For people living in moderate climates, heat pumps are an excellent option. But If your area dips below freezing often in the winter a heat pump will not be an efficient or comfortable choice. And the advantage of being powered by electricity also becomes a disadvantage if the power goes out and you are left without AC or heat. This is also a problem if the unit breaks – you lose both heat and cooling.

Heat pumps also cost more than furnaces to purchase and install. Longevity is another disadvantage to a heat pump. There are a lot of variables that influence an HVAC system’s life expectancy, with the biggest one being how often it is used. Because heat pumps are used year-round vs seasonally, they tend to wear out more quickly, usually lasting about 15 years.

What Size of a Heat Pump do You Need?

Choosing the right size heat pump for your home is critical to a well-functioning and efficient heating and cooling system. If your heat pump is too small then it will struggle to keep your home cool and warm.  On the other hand, if it is too big it will waste energy by producing too much hot or cool air, cycling on and off constantly, and stressing out the motor.  There are a number of factors that go into sizing your unit properly

  • Local climate
  • Home square footage
  • Window and doors
  • Insulation in the home
  • How many people are in the home
  • Temperature preferences of home residents
  • Other appliances that can generate heat

Having an expert evaluate your home and needs is the best way to find out if a heat pump is a good option for you. 

What is Central Air Conditioning?

An air conditioner works like a heat pump, extracting heat from inside and moving it outdoors. The main difference is that a central air conditioning unit does one thing really well – it cools your home. Central air conditioning is different from other types of AC – like ductless air conditioning units – using invisible ductwork throughout the home to distribute cool air to rooms.

How does an Air Conditioner Cool

We have created an in-depth guide on air conditioning that walks through the deeper details of how an AC system works but here are the basics.  Like a heat pump, a central air conditioner is a split unit containing:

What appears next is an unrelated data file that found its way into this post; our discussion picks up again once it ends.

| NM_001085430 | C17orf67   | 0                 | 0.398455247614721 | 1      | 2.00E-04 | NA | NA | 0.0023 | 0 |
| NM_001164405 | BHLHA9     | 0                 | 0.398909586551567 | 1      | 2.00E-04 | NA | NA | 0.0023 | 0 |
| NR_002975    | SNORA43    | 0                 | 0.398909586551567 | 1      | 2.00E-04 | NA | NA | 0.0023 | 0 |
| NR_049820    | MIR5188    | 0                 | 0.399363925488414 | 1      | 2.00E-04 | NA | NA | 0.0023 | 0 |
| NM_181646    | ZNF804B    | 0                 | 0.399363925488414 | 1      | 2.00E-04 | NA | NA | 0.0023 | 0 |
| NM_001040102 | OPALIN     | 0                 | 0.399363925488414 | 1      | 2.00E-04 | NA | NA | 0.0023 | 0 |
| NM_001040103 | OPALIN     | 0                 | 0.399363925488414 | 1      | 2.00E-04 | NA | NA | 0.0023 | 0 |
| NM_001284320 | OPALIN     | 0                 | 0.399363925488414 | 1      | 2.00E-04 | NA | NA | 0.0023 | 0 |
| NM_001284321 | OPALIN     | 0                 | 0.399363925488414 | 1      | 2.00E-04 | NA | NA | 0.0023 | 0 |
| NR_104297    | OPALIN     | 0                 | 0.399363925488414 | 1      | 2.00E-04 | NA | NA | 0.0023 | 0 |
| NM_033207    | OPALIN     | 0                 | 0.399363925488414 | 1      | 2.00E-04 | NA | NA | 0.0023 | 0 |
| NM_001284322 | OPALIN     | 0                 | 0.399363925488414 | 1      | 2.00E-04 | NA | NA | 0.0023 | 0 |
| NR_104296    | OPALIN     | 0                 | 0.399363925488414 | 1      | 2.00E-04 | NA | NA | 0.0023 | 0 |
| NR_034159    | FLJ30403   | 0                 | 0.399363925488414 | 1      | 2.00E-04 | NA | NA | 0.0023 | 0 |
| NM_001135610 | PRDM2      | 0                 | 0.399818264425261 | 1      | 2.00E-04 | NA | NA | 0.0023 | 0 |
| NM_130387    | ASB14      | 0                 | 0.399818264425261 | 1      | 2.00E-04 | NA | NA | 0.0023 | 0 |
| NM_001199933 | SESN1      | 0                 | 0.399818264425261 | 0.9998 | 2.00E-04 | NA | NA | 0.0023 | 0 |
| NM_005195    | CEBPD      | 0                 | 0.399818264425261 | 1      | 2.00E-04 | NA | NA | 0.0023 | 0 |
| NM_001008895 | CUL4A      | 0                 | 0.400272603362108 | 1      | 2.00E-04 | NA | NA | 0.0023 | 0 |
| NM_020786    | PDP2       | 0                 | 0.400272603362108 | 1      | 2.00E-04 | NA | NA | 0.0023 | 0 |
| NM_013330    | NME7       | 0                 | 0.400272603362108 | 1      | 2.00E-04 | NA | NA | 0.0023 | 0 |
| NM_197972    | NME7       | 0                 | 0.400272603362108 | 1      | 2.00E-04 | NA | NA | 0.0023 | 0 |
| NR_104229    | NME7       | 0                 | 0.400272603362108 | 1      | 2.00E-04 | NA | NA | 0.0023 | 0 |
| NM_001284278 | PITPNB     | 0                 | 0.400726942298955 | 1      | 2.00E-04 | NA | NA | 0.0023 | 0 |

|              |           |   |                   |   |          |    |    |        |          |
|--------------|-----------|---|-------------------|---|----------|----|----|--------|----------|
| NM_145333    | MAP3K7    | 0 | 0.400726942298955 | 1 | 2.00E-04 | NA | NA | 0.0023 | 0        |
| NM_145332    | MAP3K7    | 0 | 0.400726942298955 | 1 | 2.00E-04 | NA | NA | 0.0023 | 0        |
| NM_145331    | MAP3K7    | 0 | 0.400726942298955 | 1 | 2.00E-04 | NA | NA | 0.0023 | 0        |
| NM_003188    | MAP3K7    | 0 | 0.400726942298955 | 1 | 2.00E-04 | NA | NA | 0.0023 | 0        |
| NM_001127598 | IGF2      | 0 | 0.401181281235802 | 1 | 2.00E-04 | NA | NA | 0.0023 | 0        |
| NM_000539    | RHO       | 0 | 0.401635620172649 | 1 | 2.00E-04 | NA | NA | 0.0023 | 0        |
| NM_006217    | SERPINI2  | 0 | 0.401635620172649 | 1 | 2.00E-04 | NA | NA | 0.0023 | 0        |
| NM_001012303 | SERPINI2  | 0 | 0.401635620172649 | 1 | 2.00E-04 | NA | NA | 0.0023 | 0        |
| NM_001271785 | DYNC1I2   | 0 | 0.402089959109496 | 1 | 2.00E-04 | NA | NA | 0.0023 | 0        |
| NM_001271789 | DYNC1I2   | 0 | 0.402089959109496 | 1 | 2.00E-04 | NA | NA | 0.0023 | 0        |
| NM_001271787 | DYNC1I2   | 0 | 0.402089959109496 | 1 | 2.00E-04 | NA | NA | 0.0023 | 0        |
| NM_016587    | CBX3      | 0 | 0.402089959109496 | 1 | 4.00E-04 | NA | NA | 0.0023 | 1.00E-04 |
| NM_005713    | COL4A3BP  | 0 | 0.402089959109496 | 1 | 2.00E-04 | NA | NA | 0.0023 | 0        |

• A compressor and condenser unit on the outside of the house
  • An evaporator coils on the inside of the home
  • A series of refrigeration lines connect the inside and outside units
  • Refrigerant that circulates through the indoor and outdoor units
  • Air intake and fan that distributes air through ducts to rooms of the home
  • A thermostat that controls your home’s temperature

Also, like the heat pump, AC units rely on refrigerants to do the heavy lifting of pulling in heat from your home and releasing it outside. Technically, air conditioners do exactly what their name suggests – condition or dehumidify the air. Humidity — or water vapor – in the air makes it hard for our bodies to regulate temperature, making us feel overheated when the mercury rises. Air conditioning pulls humidity from the air and makes our skin feel cooler. 

Pros & Cons of Central Air Conditioning

Central air conditioning is good for large homes or homes that already have existing ductwork. As its name implies – central AC centralizes everything – fans and cooling systems cycle the air through your home by way of ducts that keep the rooms in your home cool and comfortable. 

Pros of Air Conditioning

The benefit of central air conditioning is its specialization. Air conditioners are the best way to keep your home consistently cool. They produce a lot of cool air that is distributed to rooms through the ductwork. For those with larger homes, air conditioning is a quiet and efficient way to cool your whole home. Central air conditioning systems also filter air improving indoor air quality and reducing allergens

Cons of Air Conditioning